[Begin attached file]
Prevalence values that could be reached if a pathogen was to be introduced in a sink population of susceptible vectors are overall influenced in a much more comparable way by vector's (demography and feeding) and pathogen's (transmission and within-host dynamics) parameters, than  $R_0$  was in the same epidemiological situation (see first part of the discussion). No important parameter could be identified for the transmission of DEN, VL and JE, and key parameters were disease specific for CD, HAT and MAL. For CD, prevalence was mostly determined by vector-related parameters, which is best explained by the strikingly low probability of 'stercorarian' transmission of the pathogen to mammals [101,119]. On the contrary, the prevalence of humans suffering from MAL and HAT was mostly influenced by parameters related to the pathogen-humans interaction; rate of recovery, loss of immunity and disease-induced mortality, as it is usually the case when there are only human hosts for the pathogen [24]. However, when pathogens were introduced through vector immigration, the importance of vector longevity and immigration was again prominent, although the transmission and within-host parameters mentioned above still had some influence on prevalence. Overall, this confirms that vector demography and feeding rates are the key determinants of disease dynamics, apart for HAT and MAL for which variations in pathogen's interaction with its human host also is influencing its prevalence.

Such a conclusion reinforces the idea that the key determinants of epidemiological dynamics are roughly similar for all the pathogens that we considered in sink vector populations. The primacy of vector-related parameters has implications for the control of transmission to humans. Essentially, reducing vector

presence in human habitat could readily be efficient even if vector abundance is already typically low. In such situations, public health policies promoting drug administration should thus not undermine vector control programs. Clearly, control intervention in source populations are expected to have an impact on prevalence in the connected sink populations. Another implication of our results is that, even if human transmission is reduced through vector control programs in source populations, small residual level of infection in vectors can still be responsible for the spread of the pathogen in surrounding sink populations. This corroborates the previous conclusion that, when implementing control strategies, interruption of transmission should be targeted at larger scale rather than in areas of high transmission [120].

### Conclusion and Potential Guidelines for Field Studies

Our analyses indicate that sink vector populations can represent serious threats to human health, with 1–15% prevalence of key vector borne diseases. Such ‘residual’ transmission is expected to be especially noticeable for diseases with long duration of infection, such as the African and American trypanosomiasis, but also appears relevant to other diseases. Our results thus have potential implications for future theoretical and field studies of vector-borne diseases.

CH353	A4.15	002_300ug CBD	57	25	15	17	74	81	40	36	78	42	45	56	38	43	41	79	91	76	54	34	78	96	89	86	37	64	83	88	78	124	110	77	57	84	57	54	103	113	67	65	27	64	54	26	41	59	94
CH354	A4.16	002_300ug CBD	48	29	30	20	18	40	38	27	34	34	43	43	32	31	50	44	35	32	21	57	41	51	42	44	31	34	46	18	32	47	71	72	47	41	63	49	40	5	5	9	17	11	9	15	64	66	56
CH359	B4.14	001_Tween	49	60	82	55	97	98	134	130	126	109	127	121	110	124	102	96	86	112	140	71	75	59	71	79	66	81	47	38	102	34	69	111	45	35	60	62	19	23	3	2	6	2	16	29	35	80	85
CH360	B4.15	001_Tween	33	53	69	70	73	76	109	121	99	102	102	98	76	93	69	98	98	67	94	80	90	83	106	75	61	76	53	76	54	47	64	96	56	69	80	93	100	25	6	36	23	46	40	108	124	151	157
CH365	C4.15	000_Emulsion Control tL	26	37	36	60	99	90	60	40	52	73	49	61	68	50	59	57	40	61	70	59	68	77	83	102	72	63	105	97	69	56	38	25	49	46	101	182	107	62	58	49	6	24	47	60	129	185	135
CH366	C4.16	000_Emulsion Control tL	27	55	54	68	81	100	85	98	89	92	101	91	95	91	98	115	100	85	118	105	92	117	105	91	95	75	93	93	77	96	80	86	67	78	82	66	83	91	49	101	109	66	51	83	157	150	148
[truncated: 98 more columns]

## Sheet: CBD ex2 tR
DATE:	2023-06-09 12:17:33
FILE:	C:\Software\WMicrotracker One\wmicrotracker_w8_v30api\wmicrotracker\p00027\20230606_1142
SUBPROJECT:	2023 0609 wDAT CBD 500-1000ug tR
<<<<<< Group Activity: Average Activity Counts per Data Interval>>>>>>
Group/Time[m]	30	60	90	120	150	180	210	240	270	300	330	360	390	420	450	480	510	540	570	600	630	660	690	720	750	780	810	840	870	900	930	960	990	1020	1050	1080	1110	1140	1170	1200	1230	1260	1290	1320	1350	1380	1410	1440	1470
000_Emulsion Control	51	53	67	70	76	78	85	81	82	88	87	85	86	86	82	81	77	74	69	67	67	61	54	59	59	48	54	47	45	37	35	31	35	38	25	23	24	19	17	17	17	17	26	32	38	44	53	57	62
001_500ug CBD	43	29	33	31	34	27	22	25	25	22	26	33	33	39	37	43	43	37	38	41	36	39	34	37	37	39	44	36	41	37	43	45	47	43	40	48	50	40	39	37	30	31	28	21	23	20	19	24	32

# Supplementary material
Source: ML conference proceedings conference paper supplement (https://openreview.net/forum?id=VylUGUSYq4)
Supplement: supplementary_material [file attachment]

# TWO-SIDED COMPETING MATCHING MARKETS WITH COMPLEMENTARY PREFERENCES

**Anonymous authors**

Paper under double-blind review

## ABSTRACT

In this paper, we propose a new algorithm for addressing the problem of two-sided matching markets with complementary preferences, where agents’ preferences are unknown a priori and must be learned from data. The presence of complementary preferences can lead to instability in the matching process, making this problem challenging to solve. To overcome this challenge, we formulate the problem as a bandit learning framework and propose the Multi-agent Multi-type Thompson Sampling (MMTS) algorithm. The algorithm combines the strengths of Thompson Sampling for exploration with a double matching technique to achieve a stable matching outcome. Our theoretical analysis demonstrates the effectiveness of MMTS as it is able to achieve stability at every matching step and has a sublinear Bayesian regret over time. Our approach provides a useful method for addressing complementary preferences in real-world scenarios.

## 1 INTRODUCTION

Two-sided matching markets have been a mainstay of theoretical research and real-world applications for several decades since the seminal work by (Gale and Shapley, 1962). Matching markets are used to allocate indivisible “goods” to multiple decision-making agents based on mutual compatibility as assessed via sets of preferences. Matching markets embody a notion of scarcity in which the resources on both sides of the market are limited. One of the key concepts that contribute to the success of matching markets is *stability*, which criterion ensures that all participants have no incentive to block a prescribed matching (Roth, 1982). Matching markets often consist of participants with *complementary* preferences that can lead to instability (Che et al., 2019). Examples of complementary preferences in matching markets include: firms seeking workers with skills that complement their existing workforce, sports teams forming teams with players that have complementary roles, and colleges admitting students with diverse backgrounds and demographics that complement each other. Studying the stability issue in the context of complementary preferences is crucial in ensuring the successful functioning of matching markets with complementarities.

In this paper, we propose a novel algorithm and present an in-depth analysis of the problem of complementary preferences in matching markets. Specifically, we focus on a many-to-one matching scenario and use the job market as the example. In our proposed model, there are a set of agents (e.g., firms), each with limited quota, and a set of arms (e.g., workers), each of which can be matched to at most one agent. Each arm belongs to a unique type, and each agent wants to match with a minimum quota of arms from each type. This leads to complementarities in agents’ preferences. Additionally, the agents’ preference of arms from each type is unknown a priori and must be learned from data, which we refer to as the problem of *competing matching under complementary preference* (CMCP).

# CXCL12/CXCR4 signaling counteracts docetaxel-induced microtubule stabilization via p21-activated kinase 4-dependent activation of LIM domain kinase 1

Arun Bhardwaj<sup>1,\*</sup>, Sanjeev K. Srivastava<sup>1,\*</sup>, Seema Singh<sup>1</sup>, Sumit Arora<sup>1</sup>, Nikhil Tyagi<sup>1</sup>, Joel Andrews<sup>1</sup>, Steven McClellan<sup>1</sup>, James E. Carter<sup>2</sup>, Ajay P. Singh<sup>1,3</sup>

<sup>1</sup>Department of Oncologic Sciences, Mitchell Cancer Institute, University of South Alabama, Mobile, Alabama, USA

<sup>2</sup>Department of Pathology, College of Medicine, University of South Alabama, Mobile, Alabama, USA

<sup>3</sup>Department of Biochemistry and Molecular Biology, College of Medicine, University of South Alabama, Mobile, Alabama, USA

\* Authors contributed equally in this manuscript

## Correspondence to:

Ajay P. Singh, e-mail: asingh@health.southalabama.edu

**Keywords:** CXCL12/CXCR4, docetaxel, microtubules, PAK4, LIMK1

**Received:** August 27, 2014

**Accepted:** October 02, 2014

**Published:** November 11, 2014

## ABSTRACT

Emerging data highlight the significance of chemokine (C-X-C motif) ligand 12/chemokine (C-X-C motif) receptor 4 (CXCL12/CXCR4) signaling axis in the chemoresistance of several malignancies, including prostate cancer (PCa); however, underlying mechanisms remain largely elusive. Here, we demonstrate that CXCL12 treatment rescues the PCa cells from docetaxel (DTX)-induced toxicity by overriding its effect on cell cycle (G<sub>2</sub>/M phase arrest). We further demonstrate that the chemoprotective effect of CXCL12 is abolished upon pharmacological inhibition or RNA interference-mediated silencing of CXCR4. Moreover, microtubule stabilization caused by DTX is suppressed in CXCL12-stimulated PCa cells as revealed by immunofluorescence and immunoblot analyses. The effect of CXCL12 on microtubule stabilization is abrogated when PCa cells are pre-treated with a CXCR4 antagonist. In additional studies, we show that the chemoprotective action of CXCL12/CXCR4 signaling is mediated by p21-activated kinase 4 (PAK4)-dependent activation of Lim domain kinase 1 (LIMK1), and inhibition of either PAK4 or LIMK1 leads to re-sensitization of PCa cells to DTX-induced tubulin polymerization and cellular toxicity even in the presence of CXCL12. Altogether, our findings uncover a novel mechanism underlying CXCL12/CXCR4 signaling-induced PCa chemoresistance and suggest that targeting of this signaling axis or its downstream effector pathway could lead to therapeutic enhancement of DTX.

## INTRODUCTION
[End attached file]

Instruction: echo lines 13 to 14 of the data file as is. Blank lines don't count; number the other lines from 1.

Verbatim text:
## Sheet: CBD ex2 tR
DATE:	2023-06-09 12:17:33